Oxford Mathematician Weijun Xu talks about his exploration of the universal behaviour of large random systems:

"Nature comes with a separation of scales. Systems that have apparently different individual interactions often behave very similarly when looked at from far away. This phenomenon is particularly attractive when randomness is involved.

A well-known example is the classical central limit theorem, which states that a sequence of independent, identically distributed random variables sum up and rescale to Gaussian distribution, regardless of their individual distributions.

A dynamic version of this is Donsker's invariance principle, which states that random walks with independent steps rescale to Brownian motion, regardless of the distribution of individual steps. In these two cases, Gaussian distributions and Brownian motion are universal laws that describe large scale behaviour of a large class of microscopic models with independent components.

Universal phenomena also appear in many other situations. For example, the following images show the large scale behaviour of three very different interface growth models.

The left most one comes from the interface in burning a paper, the middle one describes the boundary between two turbulent states in a liquid crystal, while the right one is the height of a tetris game. Yet these three interfaces look essentially the same when zoomed out from far away!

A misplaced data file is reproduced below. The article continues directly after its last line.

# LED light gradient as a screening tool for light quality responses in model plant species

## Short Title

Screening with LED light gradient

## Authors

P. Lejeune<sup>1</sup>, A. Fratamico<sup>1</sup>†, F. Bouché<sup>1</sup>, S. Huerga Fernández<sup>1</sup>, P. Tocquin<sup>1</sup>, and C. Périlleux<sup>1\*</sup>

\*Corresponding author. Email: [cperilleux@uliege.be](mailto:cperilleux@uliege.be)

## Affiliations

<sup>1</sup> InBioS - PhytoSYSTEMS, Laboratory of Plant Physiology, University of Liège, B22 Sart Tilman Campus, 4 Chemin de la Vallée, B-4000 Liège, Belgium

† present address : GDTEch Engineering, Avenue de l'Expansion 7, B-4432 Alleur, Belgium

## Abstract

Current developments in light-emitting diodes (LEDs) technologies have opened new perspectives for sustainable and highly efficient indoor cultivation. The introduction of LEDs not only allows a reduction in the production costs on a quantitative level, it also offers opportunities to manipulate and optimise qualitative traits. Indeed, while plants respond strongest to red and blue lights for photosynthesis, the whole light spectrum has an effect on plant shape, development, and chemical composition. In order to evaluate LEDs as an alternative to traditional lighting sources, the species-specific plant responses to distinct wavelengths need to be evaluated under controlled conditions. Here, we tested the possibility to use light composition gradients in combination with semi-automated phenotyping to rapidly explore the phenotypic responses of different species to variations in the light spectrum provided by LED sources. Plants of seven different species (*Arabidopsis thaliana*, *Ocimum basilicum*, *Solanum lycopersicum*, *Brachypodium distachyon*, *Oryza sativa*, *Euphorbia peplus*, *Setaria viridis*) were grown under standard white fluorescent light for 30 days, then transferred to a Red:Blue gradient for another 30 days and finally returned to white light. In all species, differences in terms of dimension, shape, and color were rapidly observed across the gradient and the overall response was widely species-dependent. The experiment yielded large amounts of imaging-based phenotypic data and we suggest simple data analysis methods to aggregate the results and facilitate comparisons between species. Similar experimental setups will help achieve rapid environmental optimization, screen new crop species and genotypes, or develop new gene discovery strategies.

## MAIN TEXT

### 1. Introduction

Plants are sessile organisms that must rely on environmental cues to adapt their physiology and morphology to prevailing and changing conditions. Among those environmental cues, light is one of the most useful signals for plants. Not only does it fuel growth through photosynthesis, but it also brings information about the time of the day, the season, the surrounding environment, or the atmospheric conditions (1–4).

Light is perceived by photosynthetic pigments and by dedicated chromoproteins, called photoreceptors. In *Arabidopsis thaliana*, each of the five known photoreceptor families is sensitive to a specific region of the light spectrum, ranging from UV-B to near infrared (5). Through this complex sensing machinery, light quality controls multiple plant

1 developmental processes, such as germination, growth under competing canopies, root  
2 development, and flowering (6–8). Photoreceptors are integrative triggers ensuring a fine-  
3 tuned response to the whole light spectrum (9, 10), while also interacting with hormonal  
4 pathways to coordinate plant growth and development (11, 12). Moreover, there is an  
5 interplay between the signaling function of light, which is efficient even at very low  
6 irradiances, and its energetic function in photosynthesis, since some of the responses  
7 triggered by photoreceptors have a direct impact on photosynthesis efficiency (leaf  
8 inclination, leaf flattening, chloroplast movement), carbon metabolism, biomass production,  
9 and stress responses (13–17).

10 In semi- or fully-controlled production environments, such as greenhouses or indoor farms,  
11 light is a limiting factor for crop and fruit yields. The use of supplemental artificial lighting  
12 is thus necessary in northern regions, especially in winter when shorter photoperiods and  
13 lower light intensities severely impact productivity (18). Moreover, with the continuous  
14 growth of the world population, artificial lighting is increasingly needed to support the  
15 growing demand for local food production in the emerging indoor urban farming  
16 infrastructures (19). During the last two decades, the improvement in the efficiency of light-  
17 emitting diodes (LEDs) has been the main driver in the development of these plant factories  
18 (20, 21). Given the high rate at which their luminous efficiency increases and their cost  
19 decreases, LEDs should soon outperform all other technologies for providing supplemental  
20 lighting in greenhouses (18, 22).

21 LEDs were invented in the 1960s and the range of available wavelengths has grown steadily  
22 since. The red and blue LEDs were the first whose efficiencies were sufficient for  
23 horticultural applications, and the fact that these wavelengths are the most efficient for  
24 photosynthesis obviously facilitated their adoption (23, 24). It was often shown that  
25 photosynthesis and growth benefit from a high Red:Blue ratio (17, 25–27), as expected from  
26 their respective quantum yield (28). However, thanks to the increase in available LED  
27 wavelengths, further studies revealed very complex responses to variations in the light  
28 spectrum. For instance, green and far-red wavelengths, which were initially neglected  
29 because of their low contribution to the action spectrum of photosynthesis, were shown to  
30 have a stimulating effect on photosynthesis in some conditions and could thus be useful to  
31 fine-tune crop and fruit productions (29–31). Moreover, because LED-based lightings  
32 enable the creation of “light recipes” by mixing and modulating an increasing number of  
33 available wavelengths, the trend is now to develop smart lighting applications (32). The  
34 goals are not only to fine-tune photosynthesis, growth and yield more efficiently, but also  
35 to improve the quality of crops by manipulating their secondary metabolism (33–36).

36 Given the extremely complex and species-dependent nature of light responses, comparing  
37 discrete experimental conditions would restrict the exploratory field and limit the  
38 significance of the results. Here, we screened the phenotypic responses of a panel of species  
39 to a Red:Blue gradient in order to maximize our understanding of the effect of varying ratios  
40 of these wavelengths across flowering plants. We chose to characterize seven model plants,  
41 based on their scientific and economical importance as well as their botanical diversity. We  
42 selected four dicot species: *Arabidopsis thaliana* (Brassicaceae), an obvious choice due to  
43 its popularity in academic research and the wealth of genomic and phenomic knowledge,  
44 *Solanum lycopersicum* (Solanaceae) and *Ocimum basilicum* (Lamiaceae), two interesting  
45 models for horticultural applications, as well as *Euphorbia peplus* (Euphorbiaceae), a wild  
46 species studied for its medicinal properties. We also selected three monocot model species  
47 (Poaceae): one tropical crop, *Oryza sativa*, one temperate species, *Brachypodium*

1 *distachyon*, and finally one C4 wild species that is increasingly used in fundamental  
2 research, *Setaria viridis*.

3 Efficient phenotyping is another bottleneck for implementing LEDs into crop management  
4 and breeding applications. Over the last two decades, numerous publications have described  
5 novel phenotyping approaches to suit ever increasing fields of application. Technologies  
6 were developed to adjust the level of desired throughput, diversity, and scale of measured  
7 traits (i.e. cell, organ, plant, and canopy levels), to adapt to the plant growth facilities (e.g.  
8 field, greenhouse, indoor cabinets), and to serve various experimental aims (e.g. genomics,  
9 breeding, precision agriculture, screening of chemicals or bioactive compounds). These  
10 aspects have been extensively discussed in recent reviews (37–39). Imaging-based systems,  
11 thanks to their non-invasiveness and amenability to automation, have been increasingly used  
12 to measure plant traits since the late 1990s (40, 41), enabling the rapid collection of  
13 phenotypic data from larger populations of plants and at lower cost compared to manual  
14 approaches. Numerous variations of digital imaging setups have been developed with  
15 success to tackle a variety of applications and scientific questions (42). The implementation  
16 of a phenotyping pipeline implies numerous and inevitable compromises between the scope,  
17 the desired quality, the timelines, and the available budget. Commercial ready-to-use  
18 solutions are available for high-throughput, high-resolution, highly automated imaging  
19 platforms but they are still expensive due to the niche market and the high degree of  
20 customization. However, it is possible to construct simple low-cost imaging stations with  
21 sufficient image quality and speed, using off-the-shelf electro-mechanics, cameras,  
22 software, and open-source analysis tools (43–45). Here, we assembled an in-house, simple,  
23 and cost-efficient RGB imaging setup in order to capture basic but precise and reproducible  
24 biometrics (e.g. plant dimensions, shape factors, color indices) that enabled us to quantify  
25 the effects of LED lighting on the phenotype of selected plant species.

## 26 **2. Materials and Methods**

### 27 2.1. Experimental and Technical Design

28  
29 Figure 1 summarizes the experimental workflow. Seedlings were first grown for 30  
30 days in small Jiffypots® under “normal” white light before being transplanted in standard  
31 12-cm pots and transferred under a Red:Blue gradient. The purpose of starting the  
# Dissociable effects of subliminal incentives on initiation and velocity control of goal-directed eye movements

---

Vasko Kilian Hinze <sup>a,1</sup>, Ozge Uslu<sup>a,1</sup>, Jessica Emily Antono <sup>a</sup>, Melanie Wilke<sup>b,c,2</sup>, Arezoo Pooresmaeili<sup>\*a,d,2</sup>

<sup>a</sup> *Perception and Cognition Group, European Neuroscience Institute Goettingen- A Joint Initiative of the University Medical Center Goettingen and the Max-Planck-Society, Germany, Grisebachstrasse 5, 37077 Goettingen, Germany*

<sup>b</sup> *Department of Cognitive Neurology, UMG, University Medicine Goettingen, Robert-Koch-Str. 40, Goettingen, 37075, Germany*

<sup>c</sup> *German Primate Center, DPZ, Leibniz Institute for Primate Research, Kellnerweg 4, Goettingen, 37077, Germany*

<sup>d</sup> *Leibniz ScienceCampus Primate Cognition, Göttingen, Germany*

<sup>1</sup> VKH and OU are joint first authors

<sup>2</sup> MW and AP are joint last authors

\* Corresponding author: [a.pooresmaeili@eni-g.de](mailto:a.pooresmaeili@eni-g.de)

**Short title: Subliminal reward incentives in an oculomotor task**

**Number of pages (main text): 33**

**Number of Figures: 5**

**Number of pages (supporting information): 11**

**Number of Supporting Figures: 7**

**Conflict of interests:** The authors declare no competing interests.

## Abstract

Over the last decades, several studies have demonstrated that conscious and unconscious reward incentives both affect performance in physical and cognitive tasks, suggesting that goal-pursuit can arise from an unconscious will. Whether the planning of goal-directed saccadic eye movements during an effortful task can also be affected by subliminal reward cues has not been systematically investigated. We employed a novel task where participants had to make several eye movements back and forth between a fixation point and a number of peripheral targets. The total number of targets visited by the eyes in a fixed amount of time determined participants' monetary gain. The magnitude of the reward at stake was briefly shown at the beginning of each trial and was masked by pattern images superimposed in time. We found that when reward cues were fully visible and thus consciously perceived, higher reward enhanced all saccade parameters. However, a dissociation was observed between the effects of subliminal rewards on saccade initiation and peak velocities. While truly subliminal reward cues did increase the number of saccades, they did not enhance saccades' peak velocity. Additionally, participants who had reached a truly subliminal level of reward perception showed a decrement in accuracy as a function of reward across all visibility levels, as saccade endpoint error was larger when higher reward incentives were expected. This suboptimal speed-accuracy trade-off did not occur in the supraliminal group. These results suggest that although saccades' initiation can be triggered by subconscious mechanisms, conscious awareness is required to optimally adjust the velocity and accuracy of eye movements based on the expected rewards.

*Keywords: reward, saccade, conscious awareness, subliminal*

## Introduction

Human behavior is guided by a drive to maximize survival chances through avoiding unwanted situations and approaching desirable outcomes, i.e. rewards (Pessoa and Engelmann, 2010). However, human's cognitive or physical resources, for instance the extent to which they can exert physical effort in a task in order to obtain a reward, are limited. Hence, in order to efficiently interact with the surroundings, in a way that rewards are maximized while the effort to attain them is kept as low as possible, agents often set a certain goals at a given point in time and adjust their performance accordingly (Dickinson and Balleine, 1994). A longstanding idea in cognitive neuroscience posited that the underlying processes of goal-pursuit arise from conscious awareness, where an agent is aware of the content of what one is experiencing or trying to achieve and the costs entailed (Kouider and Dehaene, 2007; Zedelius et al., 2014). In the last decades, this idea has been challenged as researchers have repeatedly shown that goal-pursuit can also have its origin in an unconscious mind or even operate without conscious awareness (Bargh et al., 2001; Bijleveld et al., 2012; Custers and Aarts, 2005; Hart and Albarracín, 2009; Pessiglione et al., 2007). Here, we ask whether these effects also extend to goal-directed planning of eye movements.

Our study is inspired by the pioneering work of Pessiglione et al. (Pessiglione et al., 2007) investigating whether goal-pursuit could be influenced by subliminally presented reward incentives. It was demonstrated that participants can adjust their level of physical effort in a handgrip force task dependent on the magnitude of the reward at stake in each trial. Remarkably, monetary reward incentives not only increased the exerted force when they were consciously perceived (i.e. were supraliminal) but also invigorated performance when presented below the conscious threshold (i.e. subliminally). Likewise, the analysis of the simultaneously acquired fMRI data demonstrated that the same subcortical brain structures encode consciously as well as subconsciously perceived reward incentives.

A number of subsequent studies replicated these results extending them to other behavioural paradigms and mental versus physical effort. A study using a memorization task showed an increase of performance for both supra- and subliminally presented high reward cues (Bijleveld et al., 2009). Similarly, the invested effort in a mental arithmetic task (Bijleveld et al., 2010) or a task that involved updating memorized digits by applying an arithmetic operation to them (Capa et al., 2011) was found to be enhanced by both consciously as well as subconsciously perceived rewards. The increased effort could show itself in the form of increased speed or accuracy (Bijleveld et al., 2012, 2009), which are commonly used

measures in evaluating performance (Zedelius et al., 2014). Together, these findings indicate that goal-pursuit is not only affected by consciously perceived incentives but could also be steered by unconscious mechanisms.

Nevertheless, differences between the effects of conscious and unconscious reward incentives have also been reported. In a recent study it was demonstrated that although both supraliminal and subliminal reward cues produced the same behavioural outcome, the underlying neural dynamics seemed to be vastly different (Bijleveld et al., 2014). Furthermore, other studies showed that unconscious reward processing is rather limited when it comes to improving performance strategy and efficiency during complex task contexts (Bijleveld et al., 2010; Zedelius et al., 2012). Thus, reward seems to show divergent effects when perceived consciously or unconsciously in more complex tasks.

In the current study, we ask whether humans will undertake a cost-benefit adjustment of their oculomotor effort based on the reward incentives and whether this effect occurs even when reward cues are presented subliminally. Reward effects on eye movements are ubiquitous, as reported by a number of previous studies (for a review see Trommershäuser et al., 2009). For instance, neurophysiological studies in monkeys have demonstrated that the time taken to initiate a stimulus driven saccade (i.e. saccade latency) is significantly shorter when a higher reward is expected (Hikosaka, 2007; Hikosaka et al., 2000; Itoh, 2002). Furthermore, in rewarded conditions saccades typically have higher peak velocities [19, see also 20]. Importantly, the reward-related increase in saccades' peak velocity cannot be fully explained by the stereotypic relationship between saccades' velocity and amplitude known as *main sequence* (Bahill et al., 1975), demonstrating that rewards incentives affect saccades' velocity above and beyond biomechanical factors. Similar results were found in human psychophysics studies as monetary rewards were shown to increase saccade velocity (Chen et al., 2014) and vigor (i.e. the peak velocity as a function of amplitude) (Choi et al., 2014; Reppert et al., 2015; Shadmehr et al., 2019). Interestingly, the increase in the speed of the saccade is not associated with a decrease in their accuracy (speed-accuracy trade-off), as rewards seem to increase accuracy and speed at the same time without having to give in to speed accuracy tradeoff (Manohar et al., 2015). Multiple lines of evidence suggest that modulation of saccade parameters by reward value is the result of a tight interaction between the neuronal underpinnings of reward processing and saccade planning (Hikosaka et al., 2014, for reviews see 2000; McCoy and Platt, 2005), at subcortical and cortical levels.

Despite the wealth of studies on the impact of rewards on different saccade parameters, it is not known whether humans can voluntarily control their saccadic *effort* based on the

Image 1: Maunuksela et al. Image 2: Takeuchi et al. Image 3: Hairer

Mathematically, such microscopic interface growth/fluctuation could be modelled by the stochastic partial differential equation of the form \begin{equation*} \partial_t h = \partial_x^2 h + \sqrt{\varepsilon} F(\partial_x h) + \eta\;, \end{equation*} where $\partial_x^2$ is a smoothing mechanism in microscopic scale, the nonlinearity $F$ describes the growth mechanism, and $\eta$ is a space-time random process that influences the evolution. In this equation, different interface growth mechanisms are modelled by different nonlinear symmetric function $F$. In a joint work with Hairer, which is based on this previous work, we showed that for rather arbitrary functions $F$, the large scale version of $h$ defined by \begin{equation*} h_{\varepsilon}(t,x) := \sqrt{\varepsilon} h(t/\varepsilon^2, x/\varepsilon) - C_\varepsilon t \end{equation*} converges to the KPZ equation, formally given by \begin{equation*} \partial_t H = \partial_x^2 H + \lambda (\partial_x H)^{2} + \xi - \infty\;, \end{equation*} where the coefficient $\lambda$ depends on $F$ in a nontrivial way. In other words, the large scale behaviour of $h$ is universal - the nonlinear mechanism is always square of the derivative whatever the microscopic mechanism $F$ is!

Universalities of this type also arise in many other situations. They still remain largely mysterious and their mystery is an active challenge in mathematics and physics."